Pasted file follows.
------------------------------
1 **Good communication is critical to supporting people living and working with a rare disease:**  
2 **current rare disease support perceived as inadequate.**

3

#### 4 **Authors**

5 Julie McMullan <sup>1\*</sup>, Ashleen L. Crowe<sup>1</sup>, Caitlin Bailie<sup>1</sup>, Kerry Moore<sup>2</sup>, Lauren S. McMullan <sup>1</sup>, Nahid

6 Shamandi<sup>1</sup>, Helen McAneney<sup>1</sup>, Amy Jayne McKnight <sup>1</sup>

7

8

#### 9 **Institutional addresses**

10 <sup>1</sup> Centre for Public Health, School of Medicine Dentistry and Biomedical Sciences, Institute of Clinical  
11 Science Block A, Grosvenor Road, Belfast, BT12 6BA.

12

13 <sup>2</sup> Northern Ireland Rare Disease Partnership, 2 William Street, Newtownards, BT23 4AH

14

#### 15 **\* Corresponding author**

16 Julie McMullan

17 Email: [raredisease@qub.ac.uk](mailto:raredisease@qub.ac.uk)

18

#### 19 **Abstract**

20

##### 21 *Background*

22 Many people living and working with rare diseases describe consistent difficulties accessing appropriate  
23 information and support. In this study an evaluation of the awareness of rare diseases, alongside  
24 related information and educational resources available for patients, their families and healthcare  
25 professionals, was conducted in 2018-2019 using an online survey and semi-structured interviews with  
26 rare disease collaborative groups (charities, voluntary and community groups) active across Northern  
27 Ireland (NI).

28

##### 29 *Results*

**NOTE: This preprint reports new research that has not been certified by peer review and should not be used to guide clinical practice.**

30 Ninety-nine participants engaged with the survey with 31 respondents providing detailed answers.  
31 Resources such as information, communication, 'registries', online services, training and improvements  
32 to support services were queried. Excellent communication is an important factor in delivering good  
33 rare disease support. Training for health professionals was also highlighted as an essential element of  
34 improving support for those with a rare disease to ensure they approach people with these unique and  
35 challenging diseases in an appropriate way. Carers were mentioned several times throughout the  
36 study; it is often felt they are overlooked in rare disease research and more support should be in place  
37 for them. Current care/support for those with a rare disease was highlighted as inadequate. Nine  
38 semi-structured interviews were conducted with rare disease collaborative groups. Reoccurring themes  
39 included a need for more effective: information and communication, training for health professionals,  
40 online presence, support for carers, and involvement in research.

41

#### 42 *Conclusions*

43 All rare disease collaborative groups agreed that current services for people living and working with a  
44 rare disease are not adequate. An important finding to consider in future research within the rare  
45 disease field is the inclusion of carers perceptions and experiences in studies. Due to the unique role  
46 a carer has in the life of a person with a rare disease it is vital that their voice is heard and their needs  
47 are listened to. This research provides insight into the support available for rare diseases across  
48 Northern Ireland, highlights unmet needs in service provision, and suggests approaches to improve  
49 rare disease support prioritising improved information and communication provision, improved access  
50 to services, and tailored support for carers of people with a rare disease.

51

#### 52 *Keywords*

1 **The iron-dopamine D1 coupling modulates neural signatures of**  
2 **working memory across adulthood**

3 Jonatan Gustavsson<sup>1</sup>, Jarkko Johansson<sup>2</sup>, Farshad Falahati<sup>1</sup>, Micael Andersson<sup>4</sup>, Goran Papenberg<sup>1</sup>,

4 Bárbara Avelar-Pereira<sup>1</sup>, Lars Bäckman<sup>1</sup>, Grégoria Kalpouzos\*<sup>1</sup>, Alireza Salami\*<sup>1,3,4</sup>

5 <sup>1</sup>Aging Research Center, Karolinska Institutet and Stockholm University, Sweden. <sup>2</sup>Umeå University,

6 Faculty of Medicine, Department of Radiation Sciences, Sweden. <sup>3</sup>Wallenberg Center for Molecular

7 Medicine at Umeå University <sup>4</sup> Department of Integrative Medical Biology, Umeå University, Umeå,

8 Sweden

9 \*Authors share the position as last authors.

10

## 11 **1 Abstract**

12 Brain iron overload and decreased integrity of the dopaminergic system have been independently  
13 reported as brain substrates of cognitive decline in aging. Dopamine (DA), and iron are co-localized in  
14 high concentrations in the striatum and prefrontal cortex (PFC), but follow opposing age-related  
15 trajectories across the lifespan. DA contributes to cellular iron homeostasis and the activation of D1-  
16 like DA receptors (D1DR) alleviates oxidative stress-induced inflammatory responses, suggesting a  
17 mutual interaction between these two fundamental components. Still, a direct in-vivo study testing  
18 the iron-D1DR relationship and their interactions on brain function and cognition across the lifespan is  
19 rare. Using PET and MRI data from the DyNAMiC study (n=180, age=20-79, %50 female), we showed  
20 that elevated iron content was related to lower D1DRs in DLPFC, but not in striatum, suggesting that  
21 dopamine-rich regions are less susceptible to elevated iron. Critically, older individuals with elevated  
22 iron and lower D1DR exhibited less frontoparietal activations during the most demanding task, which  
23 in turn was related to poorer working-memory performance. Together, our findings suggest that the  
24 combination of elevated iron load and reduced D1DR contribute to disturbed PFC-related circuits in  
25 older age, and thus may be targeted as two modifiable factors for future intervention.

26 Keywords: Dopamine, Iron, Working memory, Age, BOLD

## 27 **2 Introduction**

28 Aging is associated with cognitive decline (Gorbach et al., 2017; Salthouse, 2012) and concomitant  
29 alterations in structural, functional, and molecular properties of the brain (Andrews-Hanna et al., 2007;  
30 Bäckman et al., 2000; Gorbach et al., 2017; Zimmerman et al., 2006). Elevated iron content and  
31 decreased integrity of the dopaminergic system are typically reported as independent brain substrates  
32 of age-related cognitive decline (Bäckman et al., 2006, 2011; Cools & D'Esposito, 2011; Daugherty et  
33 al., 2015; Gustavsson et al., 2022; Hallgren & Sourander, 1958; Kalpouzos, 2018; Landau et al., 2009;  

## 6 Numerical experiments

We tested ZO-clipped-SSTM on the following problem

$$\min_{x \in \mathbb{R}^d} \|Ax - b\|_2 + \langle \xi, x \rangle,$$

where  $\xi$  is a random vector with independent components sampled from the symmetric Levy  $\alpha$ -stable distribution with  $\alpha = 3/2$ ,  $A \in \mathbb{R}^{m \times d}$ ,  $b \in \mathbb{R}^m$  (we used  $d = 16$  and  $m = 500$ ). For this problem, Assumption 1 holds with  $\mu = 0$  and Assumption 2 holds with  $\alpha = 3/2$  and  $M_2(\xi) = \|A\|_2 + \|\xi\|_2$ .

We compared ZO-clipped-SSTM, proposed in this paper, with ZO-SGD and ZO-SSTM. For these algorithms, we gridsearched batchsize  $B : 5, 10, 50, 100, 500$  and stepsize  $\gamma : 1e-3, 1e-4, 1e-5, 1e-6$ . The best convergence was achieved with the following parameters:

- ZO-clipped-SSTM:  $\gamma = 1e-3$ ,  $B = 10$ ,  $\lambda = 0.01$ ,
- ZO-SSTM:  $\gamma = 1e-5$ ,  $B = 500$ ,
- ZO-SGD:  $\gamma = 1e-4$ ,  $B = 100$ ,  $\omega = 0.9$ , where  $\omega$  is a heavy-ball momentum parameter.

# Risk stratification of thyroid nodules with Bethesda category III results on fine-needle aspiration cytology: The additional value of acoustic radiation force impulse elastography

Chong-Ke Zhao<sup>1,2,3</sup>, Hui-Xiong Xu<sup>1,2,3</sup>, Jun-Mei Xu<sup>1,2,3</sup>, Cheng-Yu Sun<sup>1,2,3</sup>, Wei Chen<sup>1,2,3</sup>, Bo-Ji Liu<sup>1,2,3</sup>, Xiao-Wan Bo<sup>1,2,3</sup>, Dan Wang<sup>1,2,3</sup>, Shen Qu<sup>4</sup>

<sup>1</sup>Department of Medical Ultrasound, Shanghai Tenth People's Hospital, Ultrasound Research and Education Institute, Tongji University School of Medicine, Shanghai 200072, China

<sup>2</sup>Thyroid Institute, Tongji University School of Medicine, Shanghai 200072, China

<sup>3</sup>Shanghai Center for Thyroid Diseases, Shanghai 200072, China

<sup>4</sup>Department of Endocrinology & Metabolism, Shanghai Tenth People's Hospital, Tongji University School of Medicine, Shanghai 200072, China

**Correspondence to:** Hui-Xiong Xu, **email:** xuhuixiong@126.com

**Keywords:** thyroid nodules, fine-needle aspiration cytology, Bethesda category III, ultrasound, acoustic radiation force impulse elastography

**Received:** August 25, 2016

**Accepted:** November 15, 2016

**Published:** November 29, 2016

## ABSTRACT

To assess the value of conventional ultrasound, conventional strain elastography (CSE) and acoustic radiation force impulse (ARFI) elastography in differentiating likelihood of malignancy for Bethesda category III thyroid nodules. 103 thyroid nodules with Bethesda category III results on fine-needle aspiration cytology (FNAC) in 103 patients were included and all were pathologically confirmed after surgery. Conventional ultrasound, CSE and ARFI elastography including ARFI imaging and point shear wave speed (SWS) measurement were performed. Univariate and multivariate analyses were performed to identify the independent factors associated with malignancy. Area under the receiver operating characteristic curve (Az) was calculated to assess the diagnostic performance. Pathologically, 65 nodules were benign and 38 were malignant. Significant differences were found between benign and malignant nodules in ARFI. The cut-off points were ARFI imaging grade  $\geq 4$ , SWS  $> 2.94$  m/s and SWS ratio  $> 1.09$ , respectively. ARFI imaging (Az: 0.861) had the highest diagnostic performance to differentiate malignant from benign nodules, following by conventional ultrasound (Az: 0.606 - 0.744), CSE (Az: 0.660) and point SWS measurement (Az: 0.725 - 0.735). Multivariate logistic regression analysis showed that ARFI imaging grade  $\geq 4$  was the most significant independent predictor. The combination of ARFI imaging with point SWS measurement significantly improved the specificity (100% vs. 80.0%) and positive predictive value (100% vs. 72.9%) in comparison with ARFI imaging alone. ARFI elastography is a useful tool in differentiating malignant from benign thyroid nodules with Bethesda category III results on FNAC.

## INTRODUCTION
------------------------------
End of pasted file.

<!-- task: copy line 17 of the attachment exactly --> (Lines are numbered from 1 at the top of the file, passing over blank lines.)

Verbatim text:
17 Email: [raredisease@qub.ac.uk](mailto:raredisease@qub.ac.uk)